In the final, he could face Federer or Nadal. He has shown he can beat Federer in big matches ( Sony Open 2014, Madrid 2013), and nearly took Nadal out on clay in the Madrid final last year, before injury got in the way and forced him to retire.
If Nishikori can avoid injury, and if his fitness and mind can hold up, he can take the final. He will have learned from his experience in New York, and with Michael Chang, the 1996 runner up in Melbourne, in his corner, the nimble of foot Nishikori will be nothing less than prepared to take that extra step in a slam in two weeks.
Roger Federer: Champion 2004, 2006, 2007, 2010.
World No. 2, recent Brisbane champion, 2014 Wimbledon runner up, four time champ. You would expect that to be enough for Federer to be a firm second favorite here. However, as bright as all those sides are, they are balanced by sides just as dark, if not darker.
Federer is the four time champ, but he has not won in Melbourne since 2010. In 2011, he lost to Djokoivic, in 2013, he lost to Murray, and in 2012 and 2014 he lost to Nadal.
While Murray, his projected last eight opponent, might keep him on court longer than three sets, the Scot is unlikely to beat him considering their respective forms and what happened in London only over a month ago (Federer beat the Scot for the loss of one game).
However, Nadal, the biggest mystery of the event, will be a huge hurdle to overcome if the Spaniard makes the last four. No one really knows what to expect from Nadal, who is 4-4 since his comeback last October, but we do know he is fit, that he has been practicing in Melbourne for a couple of weeks, and that the event brings out the best of him- see one title and two runner up showings.
If Nadal makes the semis, and it is quite probable considering just how good he is in best of five sets matches, and his favorable match ups against nearly everyone on tour, then Federer’s chances are diminished heavily. The outcome will have little to do with recent form and everything to do with the match up and the mind.
Nadal has proven he trumps Federer in those respects with his head to head lead (he has beaten Federer three times in Melbourne and no one needs reminding of their 2009 final and how much it devastated the Swiss), and his mastery of Federer’s backhand, which his huge spin allows. And while Federer will commit to come to the net every time against the Spaniard, Nadal, as we saw at last year’s event against the Swiss, has a funny way of getting to the front of Federer’s head and keeping him back, no matter how good Federer’s net play intentions are.
If Nadal does not make it to the semis, Federer will breathe a huge sigh of relief. He would be the favorite to get past Berdych in the semis, though it will not be easy considering Berdych’s slam victories over Federer (Wimbledon 2010, Us Open 2012) and the Czech’s great form in Doha. However the Czech mental shortcomings suggest it will be a tough but very winnable encounter.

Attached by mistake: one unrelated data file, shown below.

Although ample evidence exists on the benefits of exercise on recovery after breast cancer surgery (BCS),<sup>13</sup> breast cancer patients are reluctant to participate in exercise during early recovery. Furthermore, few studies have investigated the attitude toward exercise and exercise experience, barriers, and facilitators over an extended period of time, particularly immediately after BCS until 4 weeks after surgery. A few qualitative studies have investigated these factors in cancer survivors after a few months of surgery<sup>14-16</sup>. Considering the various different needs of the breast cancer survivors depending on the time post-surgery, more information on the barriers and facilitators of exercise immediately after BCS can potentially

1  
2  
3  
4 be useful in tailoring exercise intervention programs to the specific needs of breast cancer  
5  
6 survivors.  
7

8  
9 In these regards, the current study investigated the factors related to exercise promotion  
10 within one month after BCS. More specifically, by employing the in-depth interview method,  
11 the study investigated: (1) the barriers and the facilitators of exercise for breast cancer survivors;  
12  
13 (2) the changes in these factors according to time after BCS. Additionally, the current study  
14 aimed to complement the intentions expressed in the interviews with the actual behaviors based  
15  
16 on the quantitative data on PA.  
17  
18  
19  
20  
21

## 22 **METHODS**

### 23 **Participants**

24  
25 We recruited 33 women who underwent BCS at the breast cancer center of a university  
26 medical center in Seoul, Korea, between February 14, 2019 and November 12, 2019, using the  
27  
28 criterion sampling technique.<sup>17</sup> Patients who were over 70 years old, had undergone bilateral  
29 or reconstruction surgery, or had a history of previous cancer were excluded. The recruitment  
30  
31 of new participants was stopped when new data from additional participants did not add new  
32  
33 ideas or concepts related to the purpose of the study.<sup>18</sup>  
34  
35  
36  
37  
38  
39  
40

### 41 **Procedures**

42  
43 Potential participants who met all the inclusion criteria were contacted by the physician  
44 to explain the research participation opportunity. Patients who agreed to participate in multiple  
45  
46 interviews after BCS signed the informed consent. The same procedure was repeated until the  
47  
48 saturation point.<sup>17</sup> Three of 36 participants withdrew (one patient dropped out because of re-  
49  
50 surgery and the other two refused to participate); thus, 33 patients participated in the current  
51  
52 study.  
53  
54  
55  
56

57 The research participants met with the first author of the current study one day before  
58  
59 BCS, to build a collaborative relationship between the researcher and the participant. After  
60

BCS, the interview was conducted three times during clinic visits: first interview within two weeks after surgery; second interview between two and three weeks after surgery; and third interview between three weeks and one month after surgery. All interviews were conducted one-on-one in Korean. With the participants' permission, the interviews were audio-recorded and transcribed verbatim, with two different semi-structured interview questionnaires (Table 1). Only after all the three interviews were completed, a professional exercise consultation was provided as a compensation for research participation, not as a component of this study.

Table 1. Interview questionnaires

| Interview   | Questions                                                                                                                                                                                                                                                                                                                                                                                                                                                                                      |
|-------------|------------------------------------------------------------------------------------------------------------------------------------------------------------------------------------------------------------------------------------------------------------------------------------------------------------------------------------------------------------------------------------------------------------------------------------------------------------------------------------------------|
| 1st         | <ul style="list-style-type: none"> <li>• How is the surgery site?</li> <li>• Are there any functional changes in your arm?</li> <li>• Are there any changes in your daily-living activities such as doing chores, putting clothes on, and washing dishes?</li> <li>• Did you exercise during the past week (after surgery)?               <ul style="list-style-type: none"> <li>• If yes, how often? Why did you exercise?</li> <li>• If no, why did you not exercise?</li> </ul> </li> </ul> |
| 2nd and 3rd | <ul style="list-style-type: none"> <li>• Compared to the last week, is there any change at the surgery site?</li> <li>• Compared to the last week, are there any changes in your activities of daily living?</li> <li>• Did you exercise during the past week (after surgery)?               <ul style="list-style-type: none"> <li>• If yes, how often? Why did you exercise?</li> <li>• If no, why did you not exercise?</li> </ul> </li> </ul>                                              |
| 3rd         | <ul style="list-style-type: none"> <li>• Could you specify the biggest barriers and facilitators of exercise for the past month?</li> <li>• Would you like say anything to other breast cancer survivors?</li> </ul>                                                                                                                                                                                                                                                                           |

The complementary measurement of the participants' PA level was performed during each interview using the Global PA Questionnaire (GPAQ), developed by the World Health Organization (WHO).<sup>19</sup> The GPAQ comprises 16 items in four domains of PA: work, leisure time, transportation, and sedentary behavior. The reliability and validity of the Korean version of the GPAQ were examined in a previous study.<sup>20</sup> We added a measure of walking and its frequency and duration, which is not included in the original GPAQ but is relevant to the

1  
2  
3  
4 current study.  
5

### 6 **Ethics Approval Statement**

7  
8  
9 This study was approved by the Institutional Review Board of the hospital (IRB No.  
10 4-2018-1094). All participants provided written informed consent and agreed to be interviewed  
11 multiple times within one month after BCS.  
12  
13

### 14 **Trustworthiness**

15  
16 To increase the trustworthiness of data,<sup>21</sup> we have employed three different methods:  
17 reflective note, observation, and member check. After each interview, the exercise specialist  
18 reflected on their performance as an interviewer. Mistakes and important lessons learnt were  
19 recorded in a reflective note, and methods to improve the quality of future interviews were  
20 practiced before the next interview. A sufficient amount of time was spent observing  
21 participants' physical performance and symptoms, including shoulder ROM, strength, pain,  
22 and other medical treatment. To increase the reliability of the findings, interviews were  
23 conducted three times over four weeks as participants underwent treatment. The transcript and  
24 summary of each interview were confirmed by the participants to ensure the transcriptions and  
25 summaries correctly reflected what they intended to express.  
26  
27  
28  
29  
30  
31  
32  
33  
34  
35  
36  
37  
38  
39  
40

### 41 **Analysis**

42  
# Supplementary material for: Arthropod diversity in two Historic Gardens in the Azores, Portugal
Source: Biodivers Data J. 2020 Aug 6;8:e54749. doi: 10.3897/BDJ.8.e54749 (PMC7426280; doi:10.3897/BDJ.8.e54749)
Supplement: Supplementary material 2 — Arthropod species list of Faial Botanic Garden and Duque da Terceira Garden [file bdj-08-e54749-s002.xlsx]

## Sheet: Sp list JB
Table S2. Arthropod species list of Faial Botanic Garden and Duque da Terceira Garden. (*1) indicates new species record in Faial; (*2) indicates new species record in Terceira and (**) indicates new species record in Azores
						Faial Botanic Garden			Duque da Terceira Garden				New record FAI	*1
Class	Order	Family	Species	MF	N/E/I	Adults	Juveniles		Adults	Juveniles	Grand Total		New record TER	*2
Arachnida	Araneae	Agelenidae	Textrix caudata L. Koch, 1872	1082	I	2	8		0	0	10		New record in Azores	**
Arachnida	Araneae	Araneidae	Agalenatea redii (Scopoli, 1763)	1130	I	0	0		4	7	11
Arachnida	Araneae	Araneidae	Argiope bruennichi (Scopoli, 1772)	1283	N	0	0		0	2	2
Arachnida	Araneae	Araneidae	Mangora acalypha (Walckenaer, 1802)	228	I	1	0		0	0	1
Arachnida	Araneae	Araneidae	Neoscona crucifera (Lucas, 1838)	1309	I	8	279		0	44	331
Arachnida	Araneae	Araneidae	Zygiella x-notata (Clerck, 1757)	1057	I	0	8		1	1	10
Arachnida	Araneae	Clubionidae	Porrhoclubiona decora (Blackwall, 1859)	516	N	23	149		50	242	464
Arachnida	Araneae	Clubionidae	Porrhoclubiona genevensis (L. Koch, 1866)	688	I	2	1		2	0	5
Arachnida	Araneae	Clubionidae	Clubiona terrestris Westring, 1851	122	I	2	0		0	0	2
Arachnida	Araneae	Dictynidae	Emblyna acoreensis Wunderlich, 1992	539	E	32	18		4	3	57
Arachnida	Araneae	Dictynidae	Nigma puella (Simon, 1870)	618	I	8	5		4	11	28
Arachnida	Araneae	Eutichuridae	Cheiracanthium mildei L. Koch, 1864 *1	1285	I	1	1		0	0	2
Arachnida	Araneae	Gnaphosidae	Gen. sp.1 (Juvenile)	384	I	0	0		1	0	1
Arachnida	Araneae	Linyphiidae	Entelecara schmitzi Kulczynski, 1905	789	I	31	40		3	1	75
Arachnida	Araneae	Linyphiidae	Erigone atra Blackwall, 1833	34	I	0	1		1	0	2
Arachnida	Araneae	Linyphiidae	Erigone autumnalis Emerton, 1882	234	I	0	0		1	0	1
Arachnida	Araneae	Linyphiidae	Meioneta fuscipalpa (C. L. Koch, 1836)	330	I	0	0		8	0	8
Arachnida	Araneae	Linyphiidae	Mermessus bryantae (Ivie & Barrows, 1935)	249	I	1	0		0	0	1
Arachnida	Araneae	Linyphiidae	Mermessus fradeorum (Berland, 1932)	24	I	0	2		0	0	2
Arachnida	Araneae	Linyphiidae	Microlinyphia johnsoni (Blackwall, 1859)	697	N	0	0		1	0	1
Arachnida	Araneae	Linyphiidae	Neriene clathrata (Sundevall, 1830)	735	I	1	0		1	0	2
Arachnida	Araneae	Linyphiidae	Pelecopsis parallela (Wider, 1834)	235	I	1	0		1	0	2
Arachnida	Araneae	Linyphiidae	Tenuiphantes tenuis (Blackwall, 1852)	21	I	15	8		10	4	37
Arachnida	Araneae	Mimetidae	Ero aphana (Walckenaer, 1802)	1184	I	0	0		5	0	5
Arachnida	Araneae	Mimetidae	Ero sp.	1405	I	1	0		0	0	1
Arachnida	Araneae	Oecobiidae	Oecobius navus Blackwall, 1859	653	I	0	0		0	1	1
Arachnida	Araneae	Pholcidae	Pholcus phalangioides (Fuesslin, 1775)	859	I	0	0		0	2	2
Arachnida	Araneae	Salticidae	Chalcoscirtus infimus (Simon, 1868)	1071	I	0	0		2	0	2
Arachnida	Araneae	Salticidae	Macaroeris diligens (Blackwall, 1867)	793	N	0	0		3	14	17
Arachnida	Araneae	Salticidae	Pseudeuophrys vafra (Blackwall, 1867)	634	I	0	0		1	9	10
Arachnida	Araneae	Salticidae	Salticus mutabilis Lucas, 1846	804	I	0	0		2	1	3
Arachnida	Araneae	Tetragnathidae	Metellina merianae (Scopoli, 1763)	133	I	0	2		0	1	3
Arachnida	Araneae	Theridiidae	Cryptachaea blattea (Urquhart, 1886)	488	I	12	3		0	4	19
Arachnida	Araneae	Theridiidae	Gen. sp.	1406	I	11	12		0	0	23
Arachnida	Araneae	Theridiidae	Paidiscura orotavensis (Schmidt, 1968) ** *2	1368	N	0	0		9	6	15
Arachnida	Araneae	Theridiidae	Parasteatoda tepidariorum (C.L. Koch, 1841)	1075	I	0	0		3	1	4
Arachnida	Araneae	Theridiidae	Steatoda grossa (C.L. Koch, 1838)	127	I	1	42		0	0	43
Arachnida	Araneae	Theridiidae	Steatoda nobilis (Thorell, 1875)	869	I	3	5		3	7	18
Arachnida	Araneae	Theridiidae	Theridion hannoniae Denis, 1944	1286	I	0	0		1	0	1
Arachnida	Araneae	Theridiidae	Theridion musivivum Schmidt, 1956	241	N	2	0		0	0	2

Another Melborune final, his first since 2010, would most likely see Federer squaring off against Djokovic. The Serb beat him in their five set Wimbledon final despite a huge wobble in the fourth. The deciding factor in the fifth was the serve- Federer’s fell off, and Djokivic’s return was there to take advantage.
If Federer is to stand a chance in Melborune he needs a few favors. Someone has to take out Nadal, and tire out Djokovic. Federer can only win against the world No.1 if he plays his very best over three sets, and if the Djokovic who lost the 2013 Wimbledon final shows up. But that will be unlikely. The Rod Laver arena is where Djokovic is at his confident best and the man who shows up will be nothing less than the one who took the title in 2008, 2011, 2012, and 2013.
If neither Djokovic or Nadal get in his way, Federer will have to hope he does not face Nishikori for the title. While Federer leads the world No. 5 3-2 in their head to head, he has lost their two matches on slower surfaces. The Japanese would also have had to get through one of the most difficult of the draws and be in great shape to take his first Major.
What Federer will need, ultimately, to face in the final is someone who he matches up well against, like Wawrinka or Raonic. That will certainly make slam No. 18 easier. But with so many cards needing to fall into place, the chances of Federer, who has been losing more big finals than winning them on his way to world No.2, and who did not even manage to compete in his last big final in London, beating his own slam record tally are lower than the media might have you expect.